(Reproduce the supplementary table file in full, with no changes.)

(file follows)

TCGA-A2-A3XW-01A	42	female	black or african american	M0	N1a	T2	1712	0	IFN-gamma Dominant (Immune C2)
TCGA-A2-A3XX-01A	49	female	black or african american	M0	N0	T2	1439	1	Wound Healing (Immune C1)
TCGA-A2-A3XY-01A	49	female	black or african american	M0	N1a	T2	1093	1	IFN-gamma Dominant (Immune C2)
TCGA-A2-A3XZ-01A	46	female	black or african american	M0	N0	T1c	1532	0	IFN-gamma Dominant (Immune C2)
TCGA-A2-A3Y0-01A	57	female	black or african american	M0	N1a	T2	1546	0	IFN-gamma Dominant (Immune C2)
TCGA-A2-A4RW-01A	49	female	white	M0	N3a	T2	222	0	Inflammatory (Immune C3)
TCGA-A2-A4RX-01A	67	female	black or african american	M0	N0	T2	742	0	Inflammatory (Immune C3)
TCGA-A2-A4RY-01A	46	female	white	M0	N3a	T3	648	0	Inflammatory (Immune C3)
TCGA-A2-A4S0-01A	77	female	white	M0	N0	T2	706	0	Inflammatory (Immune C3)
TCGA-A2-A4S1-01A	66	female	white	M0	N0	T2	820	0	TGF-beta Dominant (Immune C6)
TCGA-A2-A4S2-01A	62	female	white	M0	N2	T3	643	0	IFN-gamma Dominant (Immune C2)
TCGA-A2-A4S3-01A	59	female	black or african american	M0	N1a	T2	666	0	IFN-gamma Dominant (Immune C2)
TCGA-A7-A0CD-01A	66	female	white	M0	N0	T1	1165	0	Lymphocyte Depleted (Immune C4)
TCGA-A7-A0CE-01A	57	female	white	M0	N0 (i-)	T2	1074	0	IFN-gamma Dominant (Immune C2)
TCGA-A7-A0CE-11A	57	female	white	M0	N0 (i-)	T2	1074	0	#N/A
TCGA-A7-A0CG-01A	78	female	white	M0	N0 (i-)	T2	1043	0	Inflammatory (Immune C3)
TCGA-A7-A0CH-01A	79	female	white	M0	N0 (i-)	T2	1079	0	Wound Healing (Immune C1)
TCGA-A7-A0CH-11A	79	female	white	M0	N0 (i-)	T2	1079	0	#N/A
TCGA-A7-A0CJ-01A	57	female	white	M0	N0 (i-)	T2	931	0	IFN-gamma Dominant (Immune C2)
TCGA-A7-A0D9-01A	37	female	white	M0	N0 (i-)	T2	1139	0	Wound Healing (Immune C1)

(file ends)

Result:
TCGA-A2-A3XW-01A	42	female	black or african american	M0	N1a	T2	1712	0	IFN-gamma Dominant (Immune C2)
TCGA-A2-A3XX-01A	49	female	black or african american	M0	N0	T2	1439	1	Wound Healing (Immune C1)
TCGA-A2-A3XY-01A	49	female	black or african american	M0	N1a	T2	1093	1	IFN-gamma Dominant (Immune C2)
TCGA-A2-A3XZ-01A	46	female	black or african american	M0	N0	T1c	1532	0	IFN-gamma Dominant (Immune C2)
TCGA-A2-A3Y0-01A	57	female	black or african american	M0	N1a	T2	1546	0	IFN-gamma Dominant (Immune C2)
TCGA-A2-A4RW-01A	49	female	white	M0	N3a	T2	222	0	Inflammatory (Immune C3)
TCGA-A2-A4RX-01A	67	female	black or african american	M0	N0	T2	742	0	Inflammatory (Immune C3)
TCGA-A2-A4RY-01A	46	female	white	M0	N3a	T3	648	0	Inflammatory (Immune C3)
TCGA-A2-A4S0-01A	77	female	white	M0	N0	T2	706	0	Inflammatory (Immune C3)
TCGA-A2-A4S1-01A	66	female	white	M0	N0	T2	820	0	TGF-beta Dominant (Immune C6)
TCGA-A2-A4S2-01A	62	female	white	M0	N2	T3	643	0	IFN-gamma Dominant (Immune C2)
TCGA-A2-A4S3-01A	59	female	black or african american	M0	N1a	T2	666	0	IFN-gamma Dominant (Immune C2)
TCGA-A7-A0CD-01A	66	female	white	M0	N0	T1	1165	0	Lymphocyte Depleted (Immune C4)
TCGA-A7-A0CE-01A	57	female	white	M0	N0 (i-)	T2	1074	0	IFN-gamma Dominant (Immune C2)
TCGA-A7-A0CE-11A	57	female	white	M0	N0 (i-)	T2	1074	0	#N/A
TCGA-A7-A0CG-01A	78	female	white	M0	N0 (i-)	T2	1043	0	Inflammatory (Immune C3)
TCGA-A7-A0CH-01A	79	female	white	M0	N0 (i-)	T2	1079	0	Wound Healing (Immune C1)
TCGA-A7-A0CH-11A	79	female	white	M0	N0 (i-)	T2	1079	0	#N/A
TCGA-A7-A0CJ-01A	57	female	white	M0	N0 (i-)	T2	931	0	IFN-gamma Dominant (Immune C2)
TCGA-A7-A0D9-01A	37	female	white	M0	N0 (i-)	T2	1139	0	Wound Healing (Immune C1)